Third presentation of this session was by LUCIE DUŠKOVÁ (Charles University Prague). Applying the method of contextual analysis of the mass production movies, she showed how the night shifts gained symbolical attributes in the socialist public space. She focused especially on the period of the establishment of the first five-year economic plan, and afterwards, until the institutionalization of the extra-pay for the night shift (1949–1961). In her paper she showed how the film representations suggested to the public the arguments for entering the night shifts. She concluded with the notion that despite the fact that most of the workers were initially enthusiastic about the (night) work mobilization, this enthusiasm progressively disappeared because of the poor living and working conditions. After 1953, the mobilization for the night shifts disappeared from the film media.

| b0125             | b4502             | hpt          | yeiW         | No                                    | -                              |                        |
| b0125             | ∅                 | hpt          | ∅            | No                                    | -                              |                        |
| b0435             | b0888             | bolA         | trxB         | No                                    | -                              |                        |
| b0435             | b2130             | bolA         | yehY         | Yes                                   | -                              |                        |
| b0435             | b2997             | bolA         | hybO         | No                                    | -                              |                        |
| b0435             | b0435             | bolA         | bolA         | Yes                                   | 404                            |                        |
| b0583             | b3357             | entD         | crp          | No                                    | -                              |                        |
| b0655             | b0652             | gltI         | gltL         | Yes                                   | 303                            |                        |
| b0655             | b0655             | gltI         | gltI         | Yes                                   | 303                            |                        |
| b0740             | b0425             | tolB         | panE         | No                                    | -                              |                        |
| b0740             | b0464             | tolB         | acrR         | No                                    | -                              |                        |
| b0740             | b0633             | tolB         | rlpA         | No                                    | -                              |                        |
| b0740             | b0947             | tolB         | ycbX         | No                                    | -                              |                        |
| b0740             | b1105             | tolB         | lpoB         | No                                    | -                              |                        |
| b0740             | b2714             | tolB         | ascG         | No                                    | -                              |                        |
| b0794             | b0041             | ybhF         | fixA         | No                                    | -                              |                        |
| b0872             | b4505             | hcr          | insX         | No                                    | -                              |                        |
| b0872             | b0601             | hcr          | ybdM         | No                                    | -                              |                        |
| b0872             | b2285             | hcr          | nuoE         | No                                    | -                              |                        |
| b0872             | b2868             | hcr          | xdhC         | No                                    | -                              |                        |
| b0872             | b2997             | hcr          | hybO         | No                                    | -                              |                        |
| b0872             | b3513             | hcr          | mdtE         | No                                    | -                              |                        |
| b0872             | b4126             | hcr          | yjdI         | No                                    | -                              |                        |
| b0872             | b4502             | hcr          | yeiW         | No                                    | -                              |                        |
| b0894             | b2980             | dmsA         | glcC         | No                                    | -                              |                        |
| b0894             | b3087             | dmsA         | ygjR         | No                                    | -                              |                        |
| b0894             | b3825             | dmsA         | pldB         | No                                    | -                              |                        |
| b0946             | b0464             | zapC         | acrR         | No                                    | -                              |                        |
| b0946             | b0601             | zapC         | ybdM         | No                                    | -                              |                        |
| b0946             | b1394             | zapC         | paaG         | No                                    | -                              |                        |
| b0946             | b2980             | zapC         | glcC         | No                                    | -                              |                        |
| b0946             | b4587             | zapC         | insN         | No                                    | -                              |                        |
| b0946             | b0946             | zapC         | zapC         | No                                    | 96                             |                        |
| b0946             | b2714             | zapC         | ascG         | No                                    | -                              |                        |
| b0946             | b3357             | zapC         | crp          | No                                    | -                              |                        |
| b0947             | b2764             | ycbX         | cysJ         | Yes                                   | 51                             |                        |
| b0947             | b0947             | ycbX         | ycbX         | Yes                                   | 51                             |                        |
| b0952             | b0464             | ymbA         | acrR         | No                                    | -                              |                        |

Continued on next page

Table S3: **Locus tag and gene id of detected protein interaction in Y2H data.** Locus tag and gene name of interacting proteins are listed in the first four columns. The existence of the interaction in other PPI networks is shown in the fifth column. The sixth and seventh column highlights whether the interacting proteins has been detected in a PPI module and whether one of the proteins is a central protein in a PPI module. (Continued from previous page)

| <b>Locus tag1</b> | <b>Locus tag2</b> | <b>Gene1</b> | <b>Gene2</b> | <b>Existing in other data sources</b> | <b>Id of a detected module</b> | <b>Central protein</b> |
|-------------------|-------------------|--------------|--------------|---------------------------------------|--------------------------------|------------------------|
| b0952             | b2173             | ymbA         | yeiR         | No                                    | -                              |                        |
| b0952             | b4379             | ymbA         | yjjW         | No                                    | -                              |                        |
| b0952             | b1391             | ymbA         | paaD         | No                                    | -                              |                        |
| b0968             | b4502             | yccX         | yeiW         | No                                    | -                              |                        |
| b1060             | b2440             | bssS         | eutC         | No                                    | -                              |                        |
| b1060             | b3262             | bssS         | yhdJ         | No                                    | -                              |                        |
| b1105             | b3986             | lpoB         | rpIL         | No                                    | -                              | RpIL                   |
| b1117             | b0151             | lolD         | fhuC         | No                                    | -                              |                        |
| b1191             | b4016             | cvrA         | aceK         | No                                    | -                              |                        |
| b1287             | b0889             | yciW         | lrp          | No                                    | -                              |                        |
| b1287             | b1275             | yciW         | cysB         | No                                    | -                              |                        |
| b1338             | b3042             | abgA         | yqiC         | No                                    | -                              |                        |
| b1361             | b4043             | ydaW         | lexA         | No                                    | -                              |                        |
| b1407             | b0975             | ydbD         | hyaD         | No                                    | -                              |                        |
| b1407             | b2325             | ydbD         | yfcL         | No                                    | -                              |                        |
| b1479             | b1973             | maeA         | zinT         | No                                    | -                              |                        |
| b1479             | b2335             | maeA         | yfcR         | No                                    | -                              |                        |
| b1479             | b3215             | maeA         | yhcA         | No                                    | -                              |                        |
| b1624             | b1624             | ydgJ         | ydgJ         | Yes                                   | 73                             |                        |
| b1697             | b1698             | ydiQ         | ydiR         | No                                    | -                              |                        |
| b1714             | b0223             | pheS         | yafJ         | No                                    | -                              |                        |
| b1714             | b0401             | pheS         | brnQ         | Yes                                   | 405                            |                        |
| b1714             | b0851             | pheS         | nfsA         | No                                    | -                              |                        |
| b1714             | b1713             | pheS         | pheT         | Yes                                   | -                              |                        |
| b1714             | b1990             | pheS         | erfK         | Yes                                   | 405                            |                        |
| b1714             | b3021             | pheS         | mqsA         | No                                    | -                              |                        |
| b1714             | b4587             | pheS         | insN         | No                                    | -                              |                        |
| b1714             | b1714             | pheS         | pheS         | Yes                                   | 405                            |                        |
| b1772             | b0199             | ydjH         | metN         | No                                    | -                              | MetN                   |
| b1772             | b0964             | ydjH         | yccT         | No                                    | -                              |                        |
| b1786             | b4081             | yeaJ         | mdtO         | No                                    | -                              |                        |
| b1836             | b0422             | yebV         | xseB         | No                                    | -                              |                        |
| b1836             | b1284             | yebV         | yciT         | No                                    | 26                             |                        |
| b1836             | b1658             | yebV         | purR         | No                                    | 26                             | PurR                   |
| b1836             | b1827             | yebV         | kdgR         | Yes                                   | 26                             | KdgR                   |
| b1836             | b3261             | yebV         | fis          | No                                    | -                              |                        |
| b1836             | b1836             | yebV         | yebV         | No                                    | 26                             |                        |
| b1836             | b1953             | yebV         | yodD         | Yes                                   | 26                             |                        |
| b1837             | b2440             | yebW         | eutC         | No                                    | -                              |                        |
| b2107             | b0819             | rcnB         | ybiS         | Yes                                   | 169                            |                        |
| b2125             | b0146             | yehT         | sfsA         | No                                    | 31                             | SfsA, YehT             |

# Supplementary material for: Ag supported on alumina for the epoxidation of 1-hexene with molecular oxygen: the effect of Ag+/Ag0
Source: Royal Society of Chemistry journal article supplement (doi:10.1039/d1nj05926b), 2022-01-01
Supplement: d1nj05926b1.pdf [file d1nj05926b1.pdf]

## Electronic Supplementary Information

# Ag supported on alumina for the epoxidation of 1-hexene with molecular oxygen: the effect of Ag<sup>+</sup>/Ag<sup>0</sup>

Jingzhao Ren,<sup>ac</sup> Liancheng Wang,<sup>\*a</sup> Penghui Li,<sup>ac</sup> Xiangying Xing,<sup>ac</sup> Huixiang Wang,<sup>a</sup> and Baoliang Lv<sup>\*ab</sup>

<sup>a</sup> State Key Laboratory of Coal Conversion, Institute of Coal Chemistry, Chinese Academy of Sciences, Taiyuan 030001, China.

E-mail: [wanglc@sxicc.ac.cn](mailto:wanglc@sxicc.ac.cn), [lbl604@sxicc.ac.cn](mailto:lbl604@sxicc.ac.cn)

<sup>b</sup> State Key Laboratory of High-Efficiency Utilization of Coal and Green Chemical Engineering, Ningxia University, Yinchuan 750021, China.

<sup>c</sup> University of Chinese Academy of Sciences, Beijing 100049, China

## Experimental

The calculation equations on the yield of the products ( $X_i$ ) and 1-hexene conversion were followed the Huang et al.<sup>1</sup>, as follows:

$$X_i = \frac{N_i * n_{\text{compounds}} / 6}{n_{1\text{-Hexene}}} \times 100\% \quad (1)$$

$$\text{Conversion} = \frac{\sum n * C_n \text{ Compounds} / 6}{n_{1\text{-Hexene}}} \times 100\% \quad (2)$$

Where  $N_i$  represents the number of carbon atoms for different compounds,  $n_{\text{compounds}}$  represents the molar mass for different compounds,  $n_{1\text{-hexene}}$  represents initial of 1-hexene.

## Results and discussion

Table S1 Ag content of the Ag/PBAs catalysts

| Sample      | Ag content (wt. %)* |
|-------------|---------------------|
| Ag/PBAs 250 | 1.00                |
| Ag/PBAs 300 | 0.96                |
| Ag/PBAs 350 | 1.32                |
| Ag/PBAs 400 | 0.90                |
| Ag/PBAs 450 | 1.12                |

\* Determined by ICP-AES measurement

The fourth session focused on precarity and 24-hour economy. In the first paper, BRIDGET KENNY (University of the Witwatersrand) presented her research concerning with the late working time in Johannesburg (1907–1970), focusing on shop hours and women retail workers. She showed how the question of the opening working hours and the issue of the social and family life functioned as a terrain of struggle. This sector obtained a regularization of the shift work long after other sectors of economy. Despite the regulations, women workers in retailing continued to have evening hours threatened and extended in ways which raise questions about ideologies of race and work across settler colonial economies. Research was based on archival sources and interviews.